The ‘WB6’ are at different stages of democratization and need to make significant efforts in respecting EU standards, mostly when it comes to respect human rights and freedom. Yet, a realistic prospect of European Union integration is still the main engine for stimulating a social transformation in the ‘Western Balkans 6’ countries. Moreover, the lack of EU engagement would not result in the development of better social conditions and standards in the region. On the contrary, it would probably fuel radical and anti-democratic voices in a region which is at the EU doorstep.

How might this enlargement affect life within the EU and the EU’s international role? Will this new membership influence the definition of European identity?

With a population of 17 million citizens compared to the 448 of the EU, the WB6 cannot affect the life of EU citizens, even considering that already today, more than 20% of the population born in the Western Balkan Six lives abroad and many are based in the EU. In this respect, the lack of integration might negatively influence the European identity more than enlargement per se, as it will represent an unjustifiable failure of the EU as a regional power. Certainly, there are challenges the EU will have to face, for instance the need to reform its system of governance in order to make its 27+ countries cooperating more efficiently. Yet, already now, the EU institutional setting is inadequate to face internal and external challenges as it was designed for a smaller group of members. In this perspective, even without enlargement, it seems the EU will anyway need to reform its democratic institutions and decision-making process to adapt its current system of governance to an increasingly complex international order.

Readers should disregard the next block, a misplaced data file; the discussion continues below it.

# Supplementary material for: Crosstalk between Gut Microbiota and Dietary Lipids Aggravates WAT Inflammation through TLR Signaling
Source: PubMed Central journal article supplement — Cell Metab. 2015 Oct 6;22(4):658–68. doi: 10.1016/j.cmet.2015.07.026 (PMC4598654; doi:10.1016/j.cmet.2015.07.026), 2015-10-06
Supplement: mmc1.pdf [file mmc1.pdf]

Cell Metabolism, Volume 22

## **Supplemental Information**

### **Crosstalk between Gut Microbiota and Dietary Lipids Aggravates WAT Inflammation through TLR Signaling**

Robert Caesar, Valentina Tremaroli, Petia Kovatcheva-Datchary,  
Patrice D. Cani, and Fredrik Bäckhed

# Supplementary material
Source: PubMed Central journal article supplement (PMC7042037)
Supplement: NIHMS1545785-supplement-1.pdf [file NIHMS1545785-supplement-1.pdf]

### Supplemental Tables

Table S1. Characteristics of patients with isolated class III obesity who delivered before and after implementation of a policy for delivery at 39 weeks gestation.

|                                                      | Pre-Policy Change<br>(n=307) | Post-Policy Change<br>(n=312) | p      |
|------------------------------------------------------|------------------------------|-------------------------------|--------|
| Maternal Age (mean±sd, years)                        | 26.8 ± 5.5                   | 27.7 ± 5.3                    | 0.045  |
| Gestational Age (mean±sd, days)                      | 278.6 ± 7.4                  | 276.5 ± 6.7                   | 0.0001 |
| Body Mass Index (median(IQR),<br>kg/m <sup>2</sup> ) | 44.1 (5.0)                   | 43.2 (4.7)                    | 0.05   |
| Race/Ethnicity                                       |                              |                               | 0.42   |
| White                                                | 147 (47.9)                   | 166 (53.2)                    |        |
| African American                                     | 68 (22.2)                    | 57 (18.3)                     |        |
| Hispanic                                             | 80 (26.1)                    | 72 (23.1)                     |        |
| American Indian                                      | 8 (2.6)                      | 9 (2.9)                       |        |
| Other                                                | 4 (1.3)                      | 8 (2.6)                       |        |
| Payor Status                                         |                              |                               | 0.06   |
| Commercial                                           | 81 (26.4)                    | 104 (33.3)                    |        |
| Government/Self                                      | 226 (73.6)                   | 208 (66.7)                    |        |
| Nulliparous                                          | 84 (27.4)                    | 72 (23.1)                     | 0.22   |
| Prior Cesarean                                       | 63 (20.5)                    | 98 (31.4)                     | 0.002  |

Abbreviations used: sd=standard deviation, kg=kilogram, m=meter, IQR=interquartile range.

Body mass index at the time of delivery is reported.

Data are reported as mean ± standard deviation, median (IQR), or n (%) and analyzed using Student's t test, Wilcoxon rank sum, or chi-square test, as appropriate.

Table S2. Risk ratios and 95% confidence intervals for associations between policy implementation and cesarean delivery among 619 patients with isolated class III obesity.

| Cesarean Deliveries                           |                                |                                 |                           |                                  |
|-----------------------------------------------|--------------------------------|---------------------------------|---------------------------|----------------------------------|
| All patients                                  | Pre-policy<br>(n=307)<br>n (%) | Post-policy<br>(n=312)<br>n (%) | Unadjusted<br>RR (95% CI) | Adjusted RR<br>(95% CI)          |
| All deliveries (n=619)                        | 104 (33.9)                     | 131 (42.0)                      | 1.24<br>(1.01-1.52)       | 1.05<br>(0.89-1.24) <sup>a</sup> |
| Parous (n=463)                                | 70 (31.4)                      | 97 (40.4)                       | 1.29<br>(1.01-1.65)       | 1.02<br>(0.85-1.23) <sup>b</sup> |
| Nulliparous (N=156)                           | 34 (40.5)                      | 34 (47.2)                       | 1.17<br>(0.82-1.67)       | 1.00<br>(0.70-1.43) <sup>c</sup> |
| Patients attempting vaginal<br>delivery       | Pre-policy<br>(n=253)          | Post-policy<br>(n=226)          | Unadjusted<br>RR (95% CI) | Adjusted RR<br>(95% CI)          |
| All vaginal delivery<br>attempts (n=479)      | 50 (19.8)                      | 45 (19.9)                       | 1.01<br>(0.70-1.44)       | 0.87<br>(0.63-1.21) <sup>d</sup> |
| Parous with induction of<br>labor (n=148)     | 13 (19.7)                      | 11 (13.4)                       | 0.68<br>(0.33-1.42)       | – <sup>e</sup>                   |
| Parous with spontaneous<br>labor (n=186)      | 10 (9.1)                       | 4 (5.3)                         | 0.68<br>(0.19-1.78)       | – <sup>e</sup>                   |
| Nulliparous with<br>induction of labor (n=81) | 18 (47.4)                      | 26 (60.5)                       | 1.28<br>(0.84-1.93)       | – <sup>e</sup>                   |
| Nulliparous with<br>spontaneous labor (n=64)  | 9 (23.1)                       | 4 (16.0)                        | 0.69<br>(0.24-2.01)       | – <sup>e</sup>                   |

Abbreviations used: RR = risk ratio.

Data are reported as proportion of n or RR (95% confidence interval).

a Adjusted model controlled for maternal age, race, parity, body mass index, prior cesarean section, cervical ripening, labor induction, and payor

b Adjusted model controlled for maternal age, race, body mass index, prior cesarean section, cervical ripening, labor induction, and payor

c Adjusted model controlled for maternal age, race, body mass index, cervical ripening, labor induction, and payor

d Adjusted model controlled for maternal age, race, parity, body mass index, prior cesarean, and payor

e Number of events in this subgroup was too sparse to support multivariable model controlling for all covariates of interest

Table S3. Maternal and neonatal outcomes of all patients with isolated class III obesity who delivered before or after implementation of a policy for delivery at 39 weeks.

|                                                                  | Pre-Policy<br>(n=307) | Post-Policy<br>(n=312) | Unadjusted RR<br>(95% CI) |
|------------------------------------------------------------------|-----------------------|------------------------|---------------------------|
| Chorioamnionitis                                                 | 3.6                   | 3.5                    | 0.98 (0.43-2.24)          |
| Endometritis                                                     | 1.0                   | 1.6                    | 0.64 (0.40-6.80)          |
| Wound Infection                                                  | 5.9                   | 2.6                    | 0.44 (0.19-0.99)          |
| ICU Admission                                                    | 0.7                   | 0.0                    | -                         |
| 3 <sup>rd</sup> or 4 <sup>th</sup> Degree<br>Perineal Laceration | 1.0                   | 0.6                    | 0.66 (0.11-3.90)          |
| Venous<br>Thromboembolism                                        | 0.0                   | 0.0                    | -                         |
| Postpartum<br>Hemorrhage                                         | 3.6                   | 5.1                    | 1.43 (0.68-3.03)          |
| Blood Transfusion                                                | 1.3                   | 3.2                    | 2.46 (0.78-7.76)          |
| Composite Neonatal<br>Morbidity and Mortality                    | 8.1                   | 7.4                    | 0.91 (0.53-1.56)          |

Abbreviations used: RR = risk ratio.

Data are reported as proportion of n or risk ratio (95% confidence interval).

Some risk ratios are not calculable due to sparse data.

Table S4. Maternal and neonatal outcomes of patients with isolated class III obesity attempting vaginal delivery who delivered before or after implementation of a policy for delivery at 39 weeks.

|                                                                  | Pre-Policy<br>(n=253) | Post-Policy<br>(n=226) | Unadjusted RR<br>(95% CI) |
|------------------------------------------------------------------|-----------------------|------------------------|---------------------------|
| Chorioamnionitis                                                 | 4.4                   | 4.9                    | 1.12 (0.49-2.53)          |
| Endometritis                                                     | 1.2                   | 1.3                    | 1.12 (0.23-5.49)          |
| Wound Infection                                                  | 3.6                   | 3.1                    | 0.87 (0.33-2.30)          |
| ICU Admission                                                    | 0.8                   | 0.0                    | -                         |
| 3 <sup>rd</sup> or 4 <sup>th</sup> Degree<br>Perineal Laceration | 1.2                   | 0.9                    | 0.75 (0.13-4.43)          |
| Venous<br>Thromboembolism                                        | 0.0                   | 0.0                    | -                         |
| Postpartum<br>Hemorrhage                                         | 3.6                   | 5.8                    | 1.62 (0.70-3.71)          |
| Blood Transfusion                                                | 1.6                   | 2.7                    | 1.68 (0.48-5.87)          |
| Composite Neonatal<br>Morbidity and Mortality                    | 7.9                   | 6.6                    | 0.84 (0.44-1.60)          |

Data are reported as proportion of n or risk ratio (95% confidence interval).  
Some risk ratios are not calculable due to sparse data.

What are the next steps?

Considering the conflictual dynamics within the international arena, it is mandatory for the EU to revitalise the enlargement process in a credible manner, by engaging more closely with the WB6 and push forward the institutional reforms needed within the WB6. The Grenada declaration was a first important step as it highlighted a renovated EU commitment. Yet, as stated above, there are reforms the EU could also consider in order to make its own decision-making process more effective not just in view of a bigger community but also for a better functioning and more democratic Union.

Eleonora Poli is currently Head of Economic Analysys and Business Engagment Centro Politiche Europee.

Eleonora holds a PhD in International Political Economy from the Department of International Politics at City University London.

She has worked as consultant for a number of prominent international organizations and public institutions.

Dr Poli is the author of “Antitrust Institutions and Policies in the Globalising Economy”, as well as of several book chapters, opinion pieces, articles, and analyses on the EU political trends and economic policies.